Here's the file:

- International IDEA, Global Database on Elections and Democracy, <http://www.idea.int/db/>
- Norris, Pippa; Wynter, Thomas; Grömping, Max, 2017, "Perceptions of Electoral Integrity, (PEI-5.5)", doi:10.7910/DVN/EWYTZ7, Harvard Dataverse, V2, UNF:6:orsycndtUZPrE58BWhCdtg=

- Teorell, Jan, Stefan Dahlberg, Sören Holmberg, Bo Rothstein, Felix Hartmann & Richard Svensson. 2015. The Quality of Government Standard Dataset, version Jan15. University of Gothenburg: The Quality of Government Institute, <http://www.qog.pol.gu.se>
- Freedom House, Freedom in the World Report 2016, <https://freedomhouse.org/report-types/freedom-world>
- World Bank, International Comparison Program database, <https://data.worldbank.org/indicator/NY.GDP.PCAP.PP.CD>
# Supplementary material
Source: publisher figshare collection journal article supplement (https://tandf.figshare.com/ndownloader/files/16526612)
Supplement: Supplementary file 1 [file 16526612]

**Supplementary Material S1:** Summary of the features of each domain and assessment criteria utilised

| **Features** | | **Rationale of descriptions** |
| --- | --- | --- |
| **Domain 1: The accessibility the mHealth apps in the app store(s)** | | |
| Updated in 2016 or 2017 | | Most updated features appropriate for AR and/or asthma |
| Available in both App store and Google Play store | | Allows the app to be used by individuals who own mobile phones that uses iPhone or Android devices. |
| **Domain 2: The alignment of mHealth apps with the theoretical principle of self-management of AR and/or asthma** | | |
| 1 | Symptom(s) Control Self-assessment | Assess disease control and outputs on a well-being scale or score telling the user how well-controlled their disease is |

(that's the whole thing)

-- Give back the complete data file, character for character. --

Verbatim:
- International IDEA, Global Database on Elections and Democracy, <http://www.idea.int/db/>
- Norris, Pippa; Wynter, Thomas; Grömping, Max, 2017, "Perceptions of Electoral Integrity, (PEI-5.5)", doi:10.7910/DVN/EWYTZ7, Harvard Dataverse, V2, UNF:6:orsycndtUZPrE58BWhCdtg=

- Teorell, Jan, Stefan Dahlberg, Sören Holmberg, Bo Rothstein, Felix Hartmann & Richard Svensson. 2015. The Quality of Government Standard Dataset, version Jan15. University of Gothenburg: The Quality of Government Institute, <http://www.qog.pol.gu.se>
- Freedom House, Freedom in the World Report 2016, <https://freedomhouse.org/report-types/freedom-world>
- World Bank, International Comparison Program database, <https://data.worldbank.org/indicator/NY.GDP.PCAP.PP.CD>
# Supplementary material
Source: publisher figshare collection journal article supplement (https://tandf.figshare.com/ndownloader/files/16526612)
Supplement: Supplementary file 1 [file 16526612]

**Supplementary Material S1:** Summary of the features of each domain and assessment criteria utilised

| **Features** | | **Rationale of descriptions** |
| --- | --- | --- |
| **Domain 1: The accessibility the mHealth apps in the app store(s)** | | |
| Updated in 2016 or 2017 | | Most updated features appropriate for AR and/or asthma |
| Available in both App store and Google Play store | | Allows the app to be used by individuals who own mobile phones that uses iPhone or Android devices. |
| **Domain 2: The alignment of mHealth apps with the theoretical principle of self-management of AR and/or asthma** | | |
| 1 | Symptom(s) Control Self-assessment | Assess disease control and outputs on a well-being scale or score telling the user how well-controlled their disease is |